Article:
The bookmakers who work with US Sports work very carefully to create the points spread line for each game. They’re very good at it, and they’re usually not far off. If you begin to bet on US Sports, the amount of times you’ll see a -10 line void or a -10.5 line lose by half a point is incredible.If the line opens with the Patriots as -10 point favourites, the price on their line will stay at 1.90 throughout betting, no whatever how much of a pounding it takes from the betting public. What will move, however, is the line itself.If a market see’s a high number of bets on an American Football match, the odds on the Patriots to cover the points spread will stay fixed at 1.90, but the points spread line may shift from -10 to -11 to reflect the money that has been placed on them.The Points total works in the same way in American Football. It’s like an Overs/Unders market in Football, but the same as the points spread, the two markets will stay priced at 1.9 throughout and the points total may move from 35 to 36 or 36.5 if there have been a lot of backing for it.
Basketball works exactly the same way, using the Money line, Points Spread and Total. If the Miami Heat opens at -13 point favourites at home to the Hornets who are +13 underdogs, the odds on this will likely 1.9 for both teams throughout, but if the Heat come under particularly heavy backing, the line may shift up to -14 or -15 to give the bookmakers some extra protection. The same logic applies for the total points as with an American Football game, but obviously the NBA works more with margins like 180-220 points for the total.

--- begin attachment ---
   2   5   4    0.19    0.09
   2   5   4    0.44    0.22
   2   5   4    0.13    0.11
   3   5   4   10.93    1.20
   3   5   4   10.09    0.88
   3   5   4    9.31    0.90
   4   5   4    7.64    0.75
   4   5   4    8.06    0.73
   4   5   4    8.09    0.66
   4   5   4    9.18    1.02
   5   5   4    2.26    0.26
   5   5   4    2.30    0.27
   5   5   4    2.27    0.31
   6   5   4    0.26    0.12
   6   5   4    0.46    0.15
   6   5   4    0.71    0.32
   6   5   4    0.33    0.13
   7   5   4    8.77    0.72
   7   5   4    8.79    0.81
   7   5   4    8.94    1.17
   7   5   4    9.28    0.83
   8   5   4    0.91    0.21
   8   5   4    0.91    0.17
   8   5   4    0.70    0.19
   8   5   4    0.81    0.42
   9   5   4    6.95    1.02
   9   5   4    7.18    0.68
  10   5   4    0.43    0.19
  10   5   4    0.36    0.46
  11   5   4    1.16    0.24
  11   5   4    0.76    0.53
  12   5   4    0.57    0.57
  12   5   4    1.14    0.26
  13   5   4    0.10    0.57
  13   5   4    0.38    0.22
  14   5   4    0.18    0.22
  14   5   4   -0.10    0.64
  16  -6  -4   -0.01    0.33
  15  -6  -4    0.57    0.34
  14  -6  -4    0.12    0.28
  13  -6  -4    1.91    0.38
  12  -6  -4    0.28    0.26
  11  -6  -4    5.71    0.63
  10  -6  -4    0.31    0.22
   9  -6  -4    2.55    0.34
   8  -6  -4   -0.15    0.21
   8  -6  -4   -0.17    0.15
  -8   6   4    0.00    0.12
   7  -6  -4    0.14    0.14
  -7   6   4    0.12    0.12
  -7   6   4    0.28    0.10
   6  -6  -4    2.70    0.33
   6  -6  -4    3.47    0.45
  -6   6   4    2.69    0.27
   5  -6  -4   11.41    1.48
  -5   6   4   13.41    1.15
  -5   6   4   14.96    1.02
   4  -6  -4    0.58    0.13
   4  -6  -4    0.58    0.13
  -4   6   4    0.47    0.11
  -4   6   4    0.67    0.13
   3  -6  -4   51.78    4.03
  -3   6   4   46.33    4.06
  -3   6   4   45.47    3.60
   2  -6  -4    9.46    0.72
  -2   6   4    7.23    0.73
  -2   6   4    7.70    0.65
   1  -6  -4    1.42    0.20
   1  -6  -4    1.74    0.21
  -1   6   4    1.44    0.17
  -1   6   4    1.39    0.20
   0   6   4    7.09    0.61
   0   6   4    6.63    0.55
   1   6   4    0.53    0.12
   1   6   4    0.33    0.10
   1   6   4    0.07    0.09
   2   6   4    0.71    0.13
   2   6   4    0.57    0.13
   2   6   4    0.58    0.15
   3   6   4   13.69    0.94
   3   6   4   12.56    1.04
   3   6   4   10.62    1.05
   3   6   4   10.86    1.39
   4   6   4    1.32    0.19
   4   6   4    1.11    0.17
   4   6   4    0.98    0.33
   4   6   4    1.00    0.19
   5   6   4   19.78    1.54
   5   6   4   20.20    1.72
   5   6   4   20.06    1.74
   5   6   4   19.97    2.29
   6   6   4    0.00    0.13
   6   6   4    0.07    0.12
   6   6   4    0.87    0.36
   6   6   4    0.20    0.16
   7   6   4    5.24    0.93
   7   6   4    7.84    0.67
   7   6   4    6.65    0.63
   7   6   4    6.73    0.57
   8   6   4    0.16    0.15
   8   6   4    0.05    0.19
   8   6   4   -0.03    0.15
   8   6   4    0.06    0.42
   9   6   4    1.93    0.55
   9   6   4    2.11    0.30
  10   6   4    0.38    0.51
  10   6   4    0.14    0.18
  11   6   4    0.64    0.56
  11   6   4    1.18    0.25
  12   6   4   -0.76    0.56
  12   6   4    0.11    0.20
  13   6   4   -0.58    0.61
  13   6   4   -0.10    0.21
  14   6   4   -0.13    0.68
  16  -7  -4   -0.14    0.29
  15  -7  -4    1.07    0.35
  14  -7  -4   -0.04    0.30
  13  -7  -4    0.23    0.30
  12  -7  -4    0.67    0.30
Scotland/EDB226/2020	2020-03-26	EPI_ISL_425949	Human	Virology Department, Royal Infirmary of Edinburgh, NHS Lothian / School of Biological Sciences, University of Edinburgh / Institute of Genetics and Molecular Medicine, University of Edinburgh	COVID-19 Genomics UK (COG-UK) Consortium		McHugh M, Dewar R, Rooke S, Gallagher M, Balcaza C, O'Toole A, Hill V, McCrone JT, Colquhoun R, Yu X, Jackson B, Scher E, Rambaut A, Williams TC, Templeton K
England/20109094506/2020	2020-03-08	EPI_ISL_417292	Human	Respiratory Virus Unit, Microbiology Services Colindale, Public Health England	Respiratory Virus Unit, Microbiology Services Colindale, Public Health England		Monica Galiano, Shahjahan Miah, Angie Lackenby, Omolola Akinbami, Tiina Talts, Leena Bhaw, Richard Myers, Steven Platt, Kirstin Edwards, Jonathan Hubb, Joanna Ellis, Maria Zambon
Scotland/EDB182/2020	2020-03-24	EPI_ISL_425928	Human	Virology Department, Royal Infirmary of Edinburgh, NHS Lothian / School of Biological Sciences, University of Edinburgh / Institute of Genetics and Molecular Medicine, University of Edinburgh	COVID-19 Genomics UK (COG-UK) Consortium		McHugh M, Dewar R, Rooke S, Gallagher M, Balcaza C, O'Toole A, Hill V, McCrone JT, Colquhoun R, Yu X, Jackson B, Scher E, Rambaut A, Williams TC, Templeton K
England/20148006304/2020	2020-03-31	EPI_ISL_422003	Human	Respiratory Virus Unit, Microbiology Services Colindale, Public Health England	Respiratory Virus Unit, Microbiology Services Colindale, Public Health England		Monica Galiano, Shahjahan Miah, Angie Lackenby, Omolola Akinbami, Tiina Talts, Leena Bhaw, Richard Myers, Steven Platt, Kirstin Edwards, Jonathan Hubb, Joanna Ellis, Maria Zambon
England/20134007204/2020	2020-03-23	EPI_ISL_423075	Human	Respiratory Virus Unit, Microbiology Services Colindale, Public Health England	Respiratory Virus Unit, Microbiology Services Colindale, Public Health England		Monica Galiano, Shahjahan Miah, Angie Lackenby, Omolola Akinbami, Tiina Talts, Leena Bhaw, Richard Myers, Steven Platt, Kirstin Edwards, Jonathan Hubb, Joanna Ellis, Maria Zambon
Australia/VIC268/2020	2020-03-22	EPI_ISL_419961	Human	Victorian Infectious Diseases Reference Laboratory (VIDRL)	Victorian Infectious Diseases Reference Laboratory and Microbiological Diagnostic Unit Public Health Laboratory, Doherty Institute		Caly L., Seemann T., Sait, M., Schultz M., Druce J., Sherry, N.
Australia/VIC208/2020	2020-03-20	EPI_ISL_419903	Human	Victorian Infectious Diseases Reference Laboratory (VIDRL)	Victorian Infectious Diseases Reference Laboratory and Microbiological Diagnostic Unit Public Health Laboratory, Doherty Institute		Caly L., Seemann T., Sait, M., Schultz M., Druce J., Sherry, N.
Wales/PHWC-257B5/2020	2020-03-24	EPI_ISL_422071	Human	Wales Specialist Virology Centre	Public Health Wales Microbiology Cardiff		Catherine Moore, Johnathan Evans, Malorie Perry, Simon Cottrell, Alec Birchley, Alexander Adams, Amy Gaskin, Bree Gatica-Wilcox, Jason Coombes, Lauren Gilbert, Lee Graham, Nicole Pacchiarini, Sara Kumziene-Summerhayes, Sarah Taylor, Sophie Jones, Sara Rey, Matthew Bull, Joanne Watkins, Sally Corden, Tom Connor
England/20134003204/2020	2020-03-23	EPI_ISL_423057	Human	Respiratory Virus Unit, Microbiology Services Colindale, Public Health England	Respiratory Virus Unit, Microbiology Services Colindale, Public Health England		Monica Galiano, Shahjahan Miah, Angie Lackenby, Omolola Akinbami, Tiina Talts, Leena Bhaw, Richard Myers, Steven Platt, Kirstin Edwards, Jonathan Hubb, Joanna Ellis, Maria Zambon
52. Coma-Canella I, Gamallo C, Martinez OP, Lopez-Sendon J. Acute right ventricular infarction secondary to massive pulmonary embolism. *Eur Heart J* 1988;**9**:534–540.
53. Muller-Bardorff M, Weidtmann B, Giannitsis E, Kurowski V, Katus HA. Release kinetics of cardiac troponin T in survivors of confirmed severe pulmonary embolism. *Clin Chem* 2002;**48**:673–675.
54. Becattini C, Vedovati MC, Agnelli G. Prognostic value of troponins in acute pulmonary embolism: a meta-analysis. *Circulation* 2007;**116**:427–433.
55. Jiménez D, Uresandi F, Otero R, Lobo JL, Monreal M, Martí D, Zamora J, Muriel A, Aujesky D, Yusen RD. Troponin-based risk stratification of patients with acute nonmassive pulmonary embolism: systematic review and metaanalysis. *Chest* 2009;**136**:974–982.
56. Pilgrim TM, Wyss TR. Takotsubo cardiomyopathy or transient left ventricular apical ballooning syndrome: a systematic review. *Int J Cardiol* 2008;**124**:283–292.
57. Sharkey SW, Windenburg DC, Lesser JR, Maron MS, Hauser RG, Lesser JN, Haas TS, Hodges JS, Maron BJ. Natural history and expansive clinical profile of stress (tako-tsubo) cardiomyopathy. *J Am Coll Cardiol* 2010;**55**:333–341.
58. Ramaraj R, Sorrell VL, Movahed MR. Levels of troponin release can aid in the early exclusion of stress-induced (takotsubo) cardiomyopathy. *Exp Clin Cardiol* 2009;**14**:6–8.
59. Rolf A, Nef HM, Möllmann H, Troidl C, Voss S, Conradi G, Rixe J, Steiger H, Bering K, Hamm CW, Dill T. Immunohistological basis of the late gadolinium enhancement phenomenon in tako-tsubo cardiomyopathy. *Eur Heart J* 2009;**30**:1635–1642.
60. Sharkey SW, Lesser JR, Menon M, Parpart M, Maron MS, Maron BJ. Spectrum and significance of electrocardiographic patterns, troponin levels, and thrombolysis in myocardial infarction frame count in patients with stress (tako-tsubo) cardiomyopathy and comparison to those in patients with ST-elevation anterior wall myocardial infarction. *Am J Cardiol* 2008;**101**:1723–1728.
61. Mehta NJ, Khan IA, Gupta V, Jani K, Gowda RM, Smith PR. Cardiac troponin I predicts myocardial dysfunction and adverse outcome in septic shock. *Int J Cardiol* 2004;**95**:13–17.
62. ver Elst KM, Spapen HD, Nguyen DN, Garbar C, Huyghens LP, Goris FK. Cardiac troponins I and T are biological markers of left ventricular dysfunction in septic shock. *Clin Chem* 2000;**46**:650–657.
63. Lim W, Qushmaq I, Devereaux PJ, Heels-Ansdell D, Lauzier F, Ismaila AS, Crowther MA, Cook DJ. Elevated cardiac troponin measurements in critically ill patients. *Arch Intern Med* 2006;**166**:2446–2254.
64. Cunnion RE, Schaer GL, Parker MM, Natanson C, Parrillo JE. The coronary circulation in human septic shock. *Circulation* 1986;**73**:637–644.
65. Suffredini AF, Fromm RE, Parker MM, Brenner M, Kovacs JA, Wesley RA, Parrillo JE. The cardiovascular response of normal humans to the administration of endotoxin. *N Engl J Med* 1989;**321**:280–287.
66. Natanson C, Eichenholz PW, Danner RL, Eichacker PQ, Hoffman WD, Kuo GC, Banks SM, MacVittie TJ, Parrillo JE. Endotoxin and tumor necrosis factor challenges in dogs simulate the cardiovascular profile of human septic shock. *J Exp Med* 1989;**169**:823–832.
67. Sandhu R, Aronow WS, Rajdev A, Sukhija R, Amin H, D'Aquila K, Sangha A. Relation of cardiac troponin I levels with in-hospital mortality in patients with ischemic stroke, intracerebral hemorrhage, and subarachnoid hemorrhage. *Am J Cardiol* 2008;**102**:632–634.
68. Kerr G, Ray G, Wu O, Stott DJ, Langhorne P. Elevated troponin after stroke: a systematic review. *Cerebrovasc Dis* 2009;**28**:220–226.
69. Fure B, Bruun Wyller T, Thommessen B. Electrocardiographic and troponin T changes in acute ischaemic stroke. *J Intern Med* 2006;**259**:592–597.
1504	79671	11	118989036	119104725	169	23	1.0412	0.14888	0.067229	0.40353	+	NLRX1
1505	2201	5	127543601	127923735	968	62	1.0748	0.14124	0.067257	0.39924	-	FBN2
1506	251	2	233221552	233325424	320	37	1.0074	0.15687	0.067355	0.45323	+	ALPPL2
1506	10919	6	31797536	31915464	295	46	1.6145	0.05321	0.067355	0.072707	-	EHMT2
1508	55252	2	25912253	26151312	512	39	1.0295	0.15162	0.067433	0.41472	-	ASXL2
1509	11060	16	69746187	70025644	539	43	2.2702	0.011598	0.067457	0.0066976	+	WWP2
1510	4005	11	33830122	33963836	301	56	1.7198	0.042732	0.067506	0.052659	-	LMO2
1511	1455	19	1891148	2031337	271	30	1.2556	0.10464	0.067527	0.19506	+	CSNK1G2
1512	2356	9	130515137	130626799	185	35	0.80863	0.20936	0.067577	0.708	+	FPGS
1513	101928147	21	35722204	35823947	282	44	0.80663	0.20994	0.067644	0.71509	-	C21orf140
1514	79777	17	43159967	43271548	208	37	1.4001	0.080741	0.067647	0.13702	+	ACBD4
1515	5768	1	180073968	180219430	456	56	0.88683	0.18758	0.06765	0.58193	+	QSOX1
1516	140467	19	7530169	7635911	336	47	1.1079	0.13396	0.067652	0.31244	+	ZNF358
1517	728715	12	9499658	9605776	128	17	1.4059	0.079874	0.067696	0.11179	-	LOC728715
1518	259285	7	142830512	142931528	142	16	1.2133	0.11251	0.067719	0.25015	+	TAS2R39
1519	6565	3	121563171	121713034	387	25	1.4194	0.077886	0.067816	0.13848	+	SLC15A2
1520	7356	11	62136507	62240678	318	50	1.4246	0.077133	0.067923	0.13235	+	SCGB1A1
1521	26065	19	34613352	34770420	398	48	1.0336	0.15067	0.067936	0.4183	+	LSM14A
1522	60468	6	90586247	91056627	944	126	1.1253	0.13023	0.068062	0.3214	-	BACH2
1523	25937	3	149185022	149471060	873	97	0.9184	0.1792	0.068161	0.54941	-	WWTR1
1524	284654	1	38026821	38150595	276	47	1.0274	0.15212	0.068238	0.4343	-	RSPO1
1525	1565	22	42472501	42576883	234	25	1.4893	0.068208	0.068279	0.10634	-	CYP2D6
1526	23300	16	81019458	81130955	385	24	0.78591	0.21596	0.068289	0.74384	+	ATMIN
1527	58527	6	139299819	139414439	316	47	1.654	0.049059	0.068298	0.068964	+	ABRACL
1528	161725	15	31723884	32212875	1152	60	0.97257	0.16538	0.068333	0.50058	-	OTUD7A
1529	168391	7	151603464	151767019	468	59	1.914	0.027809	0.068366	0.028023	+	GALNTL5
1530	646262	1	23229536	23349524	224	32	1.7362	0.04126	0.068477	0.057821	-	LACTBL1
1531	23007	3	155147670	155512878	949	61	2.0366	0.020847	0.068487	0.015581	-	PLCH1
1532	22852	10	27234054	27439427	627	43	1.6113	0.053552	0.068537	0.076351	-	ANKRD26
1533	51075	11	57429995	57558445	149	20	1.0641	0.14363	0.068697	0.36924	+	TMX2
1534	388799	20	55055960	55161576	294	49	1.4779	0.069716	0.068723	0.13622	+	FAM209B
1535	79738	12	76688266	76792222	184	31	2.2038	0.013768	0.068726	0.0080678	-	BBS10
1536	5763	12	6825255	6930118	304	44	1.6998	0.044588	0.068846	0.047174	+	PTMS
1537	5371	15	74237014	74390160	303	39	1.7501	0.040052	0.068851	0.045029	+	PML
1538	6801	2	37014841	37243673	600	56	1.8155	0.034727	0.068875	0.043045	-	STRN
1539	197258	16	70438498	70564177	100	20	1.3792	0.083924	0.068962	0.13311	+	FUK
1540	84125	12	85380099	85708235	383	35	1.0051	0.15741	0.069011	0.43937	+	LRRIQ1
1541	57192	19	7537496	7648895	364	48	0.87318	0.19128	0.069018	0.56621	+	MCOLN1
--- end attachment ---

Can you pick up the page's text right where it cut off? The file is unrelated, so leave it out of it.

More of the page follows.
Baseball and Ice Hockey are different and take far less explanation when it comes to the Total and the Money Line. This is because they work too similarly to Football to provide any confusion.
The Money line is still the two way option that covers you going in to ‘Over Time’, but there’s a 3 way option with increased odds also. The money line odds are the main form of betting in Baseball and Hockey, as opposed to Points Spread betting in American Football and Basketball.The odds also shift more. The two way market is essentially the same as the Draw No Bet market (although there’s no option to draw in US Sport) and the odds are likely to shift all day long depending on who is being backed.
The Totals line is also the same. The bookmakers will very carefully decide where the line opens in Baseball and Hockey. In Baseball, the game between the Rangers and the Jays may be predicted as a high scoring affair, so the line may open at over or under 11.5 runs. For the Nationals against the Rockies, it may open at 8.5. Either way, the Total line will often stay the same and more like in European Football betting, the odds will be the thing to shift.The same goes for Hockey. Whether the lines are 3.5 goals or 7.5 goals on a game, that odds will be the thing to shift depending on what backing they receive.
Hopefully this helps explain the US markets in a bit more detail, and should help you understand the way some of our NFL/NBA/NHL/MLB experts work here at Bet Advisor